When faced with the onset of Peyronie’s disease, you may want to know if it will get worse or, hopefully, go away.
In rare cases, Peyronie’s disease resolves on its own within 12-18 months without any form of medical treatment. For many, the disease does change over time but it does not go away. It usually occurs in 2 phases — the acute (or active) phase and the chronic (or stable) phase.
Acute (Active) Phase
The first phase can last up to about 18 months and is when most of the changes in the penis occur. Plaques begin to form, causing changes in the shape of the erect penis. As plaques develop, curvature often worsens.
Erections become painful for many men. Early in the acute phase, pain may occur without an erection, caused by inflammation in the area of the developing plaque. Once the scar is formed, pain may be caused by tension on the plaque during erection.
- Can last up to 18 months
- Is when the most changes to the penis occur
- Plaques and curvature may develop
- Pain often occurs with or without an erection
Chronic (Stable) Phase
For most men, the chronic, or stable, phase begins within 12-18 months after symptoms first appear. During this phase, the main signs of the disease — the plaque and penile curvature — become stabilized and are not likely to worsen. However, they are also not likely to improve. Penile pain usually diminishes during the chronic phase, but erectile dysfunction may develop or worsen. There is also the possibility of a return to the acute phase if another injury occurs.o questions about the psychological impact of Peyronie’s disease.’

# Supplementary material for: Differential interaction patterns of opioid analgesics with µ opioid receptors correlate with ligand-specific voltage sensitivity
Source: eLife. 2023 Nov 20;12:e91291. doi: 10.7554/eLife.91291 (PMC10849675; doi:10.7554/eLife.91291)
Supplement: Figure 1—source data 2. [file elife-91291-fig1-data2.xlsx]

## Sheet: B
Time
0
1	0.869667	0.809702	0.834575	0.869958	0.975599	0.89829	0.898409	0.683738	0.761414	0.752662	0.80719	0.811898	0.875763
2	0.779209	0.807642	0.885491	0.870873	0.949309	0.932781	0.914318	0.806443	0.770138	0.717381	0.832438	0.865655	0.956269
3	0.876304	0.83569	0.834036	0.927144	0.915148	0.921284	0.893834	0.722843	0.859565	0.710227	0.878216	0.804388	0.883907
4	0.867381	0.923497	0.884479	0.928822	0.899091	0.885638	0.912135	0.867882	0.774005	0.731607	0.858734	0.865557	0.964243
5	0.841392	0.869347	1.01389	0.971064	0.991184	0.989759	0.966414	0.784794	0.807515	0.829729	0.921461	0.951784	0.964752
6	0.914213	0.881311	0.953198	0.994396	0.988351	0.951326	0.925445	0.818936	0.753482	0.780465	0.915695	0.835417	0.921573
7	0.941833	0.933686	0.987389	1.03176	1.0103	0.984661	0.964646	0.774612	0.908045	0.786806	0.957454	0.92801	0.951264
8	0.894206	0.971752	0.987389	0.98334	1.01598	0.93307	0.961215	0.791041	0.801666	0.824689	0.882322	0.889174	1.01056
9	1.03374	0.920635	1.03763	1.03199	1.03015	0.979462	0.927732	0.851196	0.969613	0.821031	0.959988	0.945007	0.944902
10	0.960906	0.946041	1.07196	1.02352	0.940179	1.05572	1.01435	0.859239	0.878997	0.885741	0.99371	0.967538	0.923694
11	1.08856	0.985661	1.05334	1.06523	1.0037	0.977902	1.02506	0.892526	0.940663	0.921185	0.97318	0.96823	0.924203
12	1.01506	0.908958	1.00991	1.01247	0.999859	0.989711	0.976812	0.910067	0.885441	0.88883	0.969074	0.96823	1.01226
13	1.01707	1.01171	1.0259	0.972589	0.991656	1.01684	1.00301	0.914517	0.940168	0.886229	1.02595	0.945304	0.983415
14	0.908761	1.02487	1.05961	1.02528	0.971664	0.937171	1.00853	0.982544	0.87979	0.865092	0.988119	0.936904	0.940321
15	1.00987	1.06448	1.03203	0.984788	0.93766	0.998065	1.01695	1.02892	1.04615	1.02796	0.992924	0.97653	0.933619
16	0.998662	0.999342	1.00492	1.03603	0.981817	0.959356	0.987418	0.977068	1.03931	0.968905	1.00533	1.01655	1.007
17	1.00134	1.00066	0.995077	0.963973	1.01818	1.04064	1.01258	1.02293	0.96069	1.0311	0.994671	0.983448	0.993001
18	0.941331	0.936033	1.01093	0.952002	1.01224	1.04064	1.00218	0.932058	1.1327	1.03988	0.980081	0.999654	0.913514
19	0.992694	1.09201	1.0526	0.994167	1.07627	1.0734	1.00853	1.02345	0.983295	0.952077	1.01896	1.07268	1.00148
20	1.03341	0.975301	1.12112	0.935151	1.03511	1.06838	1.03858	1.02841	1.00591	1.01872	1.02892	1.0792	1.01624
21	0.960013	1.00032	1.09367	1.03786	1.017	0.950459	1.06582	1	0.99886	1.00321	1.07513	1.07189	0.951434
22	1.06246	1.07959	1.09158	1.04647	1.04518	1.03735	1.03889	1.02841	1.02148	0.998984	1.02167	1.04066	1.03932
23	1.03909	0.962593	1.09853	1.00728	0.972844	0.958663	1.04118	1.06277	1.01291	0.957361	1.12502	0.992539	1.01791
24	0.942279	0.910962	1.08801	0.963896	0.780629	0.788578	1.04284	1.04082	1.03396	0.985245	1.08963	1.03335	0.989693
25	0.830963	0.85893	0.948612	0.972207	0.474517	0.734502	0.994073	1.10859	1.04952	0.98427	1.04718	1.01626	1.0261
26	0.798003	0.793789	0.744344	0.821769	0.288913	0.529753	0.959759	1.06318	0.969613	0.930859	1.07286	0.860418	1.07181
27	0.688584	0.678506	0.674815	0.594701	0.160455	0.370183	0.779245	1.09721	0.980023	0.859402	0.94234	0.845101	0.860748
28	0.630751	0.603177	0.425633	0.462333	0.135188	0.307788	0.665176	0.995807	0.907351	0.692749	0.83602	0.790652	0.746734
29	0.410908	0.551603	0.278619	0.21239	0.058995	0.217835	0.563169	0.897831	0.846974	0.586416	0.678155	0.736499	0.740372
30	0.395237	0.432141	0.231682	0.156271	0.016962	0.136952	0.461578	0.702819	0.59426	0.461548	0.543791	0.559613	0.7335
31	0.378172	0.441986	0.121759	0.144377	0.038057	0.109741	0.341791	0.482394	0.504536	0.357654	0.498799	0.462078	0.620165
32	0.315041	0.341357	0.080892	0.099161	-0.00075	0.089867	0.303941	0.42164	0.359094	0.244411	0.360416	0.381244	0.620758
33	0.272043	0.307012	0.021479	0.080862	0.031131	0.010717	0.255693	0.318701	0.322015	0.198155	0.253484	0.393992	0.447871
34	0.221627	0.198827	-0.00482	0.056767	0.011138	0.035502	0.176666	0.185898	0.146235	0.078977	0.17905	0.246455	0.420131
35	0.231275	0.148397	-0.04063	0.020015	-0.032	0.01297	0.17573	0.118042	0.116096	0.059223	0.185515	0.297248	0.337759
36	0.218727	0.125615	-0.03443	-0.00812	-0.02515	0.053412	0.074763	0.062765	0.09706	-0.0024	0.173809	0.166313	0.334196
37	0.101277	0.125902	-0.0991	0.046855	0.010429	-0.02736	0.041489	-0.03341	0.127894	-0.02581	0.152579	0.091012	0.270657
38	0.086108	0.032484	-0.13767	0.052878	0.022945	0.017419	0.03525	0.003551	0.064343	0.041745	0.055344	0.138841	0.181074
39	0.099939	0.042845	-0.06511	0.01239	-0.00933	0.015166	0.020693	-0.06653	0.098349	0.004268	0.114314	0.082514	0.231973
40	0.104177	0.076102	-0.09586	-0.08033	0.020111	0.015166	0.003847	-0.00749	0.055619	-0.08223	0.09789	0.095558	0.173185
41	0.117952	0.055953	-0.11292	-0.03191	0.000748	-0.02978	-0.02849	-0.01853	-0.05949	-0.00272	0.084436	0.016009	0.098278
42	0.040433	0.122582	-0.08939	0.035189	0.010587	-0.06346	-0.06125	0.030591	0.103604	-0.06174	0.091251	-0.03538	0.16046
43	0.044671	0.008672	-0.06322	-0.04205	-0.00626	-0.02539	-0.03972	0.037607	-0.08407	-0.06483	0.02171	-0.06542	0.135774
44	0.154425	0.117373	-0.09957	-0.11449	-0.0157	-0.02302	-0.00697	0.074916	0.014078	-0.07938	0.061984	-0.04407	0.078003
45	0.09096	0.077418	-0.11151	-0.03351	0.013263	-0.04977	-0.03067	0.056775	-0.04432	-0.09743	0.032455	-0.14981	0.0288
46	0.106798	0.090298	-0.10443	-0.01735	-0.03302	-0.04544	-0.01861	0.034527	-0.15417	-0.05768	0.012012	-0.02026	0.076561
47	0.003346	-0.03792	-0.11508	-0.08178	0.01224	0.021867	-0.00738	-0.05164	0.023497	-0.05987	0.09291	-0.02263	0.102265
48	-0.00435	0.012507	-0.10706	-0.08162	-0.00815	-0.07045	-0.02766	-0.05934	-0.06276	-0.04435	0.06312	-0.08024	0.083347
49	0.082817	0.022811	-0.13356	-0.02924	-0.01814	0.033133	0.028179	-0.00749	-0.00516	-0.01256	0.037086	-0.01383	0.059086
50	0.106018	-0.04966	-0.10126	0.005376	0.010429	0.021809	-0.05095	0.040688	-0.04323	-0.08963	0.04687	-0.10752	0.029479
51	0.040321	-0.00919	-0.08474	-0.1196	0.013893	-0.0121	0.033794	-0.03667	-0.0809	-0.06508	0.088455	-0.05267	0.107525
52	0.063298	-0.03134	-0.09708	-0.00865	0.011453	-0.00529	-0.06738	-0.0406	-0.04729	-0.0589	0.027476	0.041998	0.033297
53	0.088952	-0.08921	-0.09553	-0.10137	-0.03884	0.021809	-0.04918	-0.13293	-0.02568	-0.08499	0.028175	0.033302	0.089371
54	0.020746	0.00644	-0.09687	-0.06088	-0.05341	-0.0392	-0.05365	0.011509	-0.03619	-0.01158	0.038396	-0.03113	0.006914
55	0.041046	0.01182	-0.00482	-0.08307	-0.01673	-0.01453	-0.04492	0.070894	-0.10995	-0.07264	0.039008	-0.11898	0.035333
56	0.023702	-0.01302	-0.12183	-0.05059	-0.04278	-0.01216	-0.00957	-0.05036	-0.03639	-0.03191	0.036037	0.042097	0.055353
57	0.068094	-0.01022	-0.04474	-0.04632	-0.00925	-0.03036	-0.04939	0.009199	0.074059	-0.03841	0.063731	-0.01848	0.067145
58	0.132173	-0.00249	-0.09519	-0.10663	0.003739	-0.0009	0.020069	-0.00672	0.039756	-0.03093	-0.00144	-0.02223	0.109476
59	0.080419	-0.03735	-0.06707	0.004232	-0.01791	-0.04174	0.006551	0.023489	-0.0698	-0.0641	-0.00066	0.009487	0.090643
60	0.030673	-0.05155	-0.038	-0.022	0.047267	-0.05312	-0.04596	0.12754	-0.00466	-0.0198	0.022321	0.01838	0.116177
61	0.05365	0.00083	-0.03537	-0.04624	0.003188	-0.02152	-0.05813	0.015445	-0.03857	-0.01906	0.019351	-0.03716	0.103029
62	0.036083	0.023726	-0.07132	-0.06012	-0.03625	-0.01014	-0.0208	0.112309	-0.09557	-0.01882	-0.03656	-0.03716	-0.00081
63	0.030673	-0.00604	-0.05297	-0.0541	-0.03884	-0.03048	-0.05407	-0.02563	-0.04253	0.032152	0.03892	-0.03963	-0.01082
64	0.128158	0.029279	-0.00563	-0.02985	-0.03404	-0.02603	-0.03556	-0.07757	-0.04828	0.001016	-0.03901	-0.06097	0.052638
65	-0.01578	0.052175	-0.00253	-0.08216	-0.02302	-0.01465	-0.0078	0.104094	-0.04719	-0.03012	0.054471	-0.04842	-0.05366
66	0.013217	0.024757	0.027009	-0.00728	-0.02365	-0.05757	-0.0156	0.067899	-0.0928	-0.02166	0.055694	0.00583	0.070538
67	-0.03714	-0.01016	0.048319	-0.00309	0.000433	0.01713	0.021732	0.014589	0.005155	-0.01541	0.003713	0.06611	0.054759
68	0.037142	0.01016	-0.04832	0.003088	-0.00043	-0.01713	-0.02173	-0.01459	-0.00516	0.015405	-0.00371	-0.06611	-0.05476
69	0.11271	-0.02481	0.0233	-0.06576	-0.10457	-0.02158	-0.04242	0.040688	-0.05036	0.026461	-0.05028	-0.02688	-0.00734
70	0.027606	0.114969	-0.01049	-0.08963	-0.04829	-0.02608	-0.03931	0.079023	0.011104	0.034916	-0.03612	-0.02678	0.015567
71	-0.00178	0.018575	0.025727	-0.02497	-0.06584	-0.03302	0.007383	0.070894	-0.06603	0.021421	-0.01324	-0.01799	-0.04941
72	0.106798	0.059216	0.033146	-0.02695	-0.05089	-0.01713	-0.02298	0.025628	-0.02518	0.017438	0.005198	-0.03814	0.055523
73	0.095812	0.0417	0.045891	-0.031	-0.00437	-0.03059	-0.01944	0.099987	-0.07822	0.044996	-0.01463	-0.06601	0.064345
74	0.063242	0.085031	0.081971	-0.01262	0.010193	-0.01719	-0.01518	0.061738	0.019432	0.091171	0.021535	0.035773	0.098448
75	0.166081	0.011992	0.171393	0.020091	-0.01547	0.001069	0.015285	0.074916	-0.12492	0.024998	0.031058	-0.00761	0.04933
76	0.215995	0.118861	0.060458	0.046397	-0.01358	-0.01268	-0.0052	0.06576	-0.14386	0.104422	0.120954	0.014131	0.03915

- Typically begins 12-18 months after symptoms first appear
- Plaque and penile curvature are not likely to worsen but are also not likely to improve
- Penile pain usually diminishes, but erectile dysfunction may develop or worsen
- Acute phase may return if another injury occurs
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To help you find answers and better understand this condition, a question-and-answer forum has been developed, where Dr. Laurence Levine and Dr. John Mulhall, along with other members of the APDA Medical Advisory Board and guest contributors, answer questions from patients and their partners. As leaders in Peyronie’s disease research and treatment, board members provide comprehensive and unbiased information about a broad range of topics.